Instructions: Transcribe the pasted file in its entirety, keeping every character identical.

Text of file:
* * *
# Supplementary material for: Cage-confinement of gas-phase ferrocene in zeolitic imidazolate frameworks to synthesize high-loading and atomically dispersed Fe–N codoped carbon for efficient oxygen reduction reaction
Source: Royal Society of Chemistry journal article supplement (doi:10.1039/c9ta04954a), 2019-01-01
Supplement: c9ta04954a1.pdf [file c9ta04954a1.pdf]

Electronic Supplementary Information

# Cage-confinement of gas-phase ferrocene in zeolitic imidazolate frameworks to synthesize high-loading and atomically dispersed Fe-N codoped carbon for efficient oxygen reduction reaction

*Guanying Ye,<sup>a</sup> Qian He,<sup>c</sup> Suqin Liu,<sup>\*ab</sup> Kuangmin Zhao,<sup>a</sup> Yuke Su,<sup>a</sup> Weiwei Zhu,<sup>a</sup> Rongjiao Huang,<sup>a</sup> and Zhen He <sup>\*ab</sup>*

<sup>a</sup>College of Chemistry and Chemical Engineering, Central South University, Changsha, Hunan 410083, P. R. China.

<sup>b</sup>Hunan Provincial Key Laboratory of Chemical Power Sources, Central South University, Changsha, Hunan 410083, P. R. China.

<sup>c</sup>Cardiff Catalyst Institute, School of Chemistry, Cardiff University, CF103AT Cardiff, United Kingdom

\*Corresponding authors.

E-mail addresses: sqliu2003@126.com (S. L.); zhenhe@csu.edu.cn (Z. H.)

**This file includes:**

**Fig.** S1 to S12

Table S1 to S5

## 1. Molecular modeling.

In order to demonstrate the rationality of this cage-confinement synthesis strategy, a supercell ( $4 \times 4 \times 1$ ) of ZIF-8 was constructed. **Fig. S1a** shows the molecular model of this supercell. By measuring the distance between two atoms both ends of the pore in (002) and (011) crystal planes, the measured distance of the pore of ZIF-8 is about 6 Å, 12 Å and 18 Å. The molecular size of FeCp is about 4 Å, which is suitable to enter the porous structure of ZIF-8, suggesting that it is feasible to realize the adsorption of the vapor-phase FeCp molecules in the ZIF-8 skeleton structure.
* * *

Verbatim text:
# Supplementary material for: Cage-confinement of gas-phase ferrocene in zeolitic imidazolate frameworks to synthesize high-loading and atomically dispersed Fe–N codoped carbon for efficient oxygen reduction reaction
Source: Royal Society of Chemistry journal article supplement (doi:10.1039/c9ta04954a), 2019-01-01
Supplement: c9ta04954a1.pdf [file c9ta04954a1.pdf]

Electronic Supplementary Information

# Cage-confinement of gas-phase ferrocene in zeolitic imidazolate frameworks to synthesize high-loading and atomically dispersed Fe-N codoped carbon for efficient oxygen reduction reaction

*Guanying Ye,<sup>a</sup> Qian He,<sup>c</sup> Suqin Liu,<sup>\*ab</sup> Kuangmin Zhao,<sup>a</sup> Yuke Su,<sup>a</sup> Weiwei Zhu,<sup>a</sup> Rongjiao Huang,<sup>a</sup> and Zhen He <sup>\*ab</sup>*

<sup>a</sup>College of Chemistry and Chemical Engineering, Central South University, Changsha, Hunan 410083, P. R. China.

<sup>b</sup>Hunan Provincial Key Laboratory of Chemical Power Sources, Central South University, Changsha, Hunan 410083, P. R. China.

<sup>c</sup>Cardiff Catalyst Institute, School of Chemistry, Cardiff University, CF103AT Cardiff, United Kingdom

\*Corresponding authors.

E-mail addresses: sqliu2003@126.com (S. L.); zhenhe@csu.edu.cn (Z. H.)

**This file includes:**

**Fig.** S1 to S12

Table S1 to S5

## 1. Molecular modeling.

In order to demonstrate the rationality of this cage-confinement synthesis strategy, a supercell ( $4 \times 4 \times 1$ ) of ZIF-8 was constructed. **Fig. S1a** shows the molecular model of this supercell. By measuring the distance between two atoms both ends of the pore in (002) and (011) crystal planes, the measured distance of the pore of ZIF-8 is about 6 Å, 12 Å and 18 Å. The molecular size of FeCp is about 4 Å, which is suitable to enter the porous structure of ZIF-8, suggesting that it is feasible to realize the adsorption of the vapor-phase FeCp molecules in the ZIF-8 skeleton structure.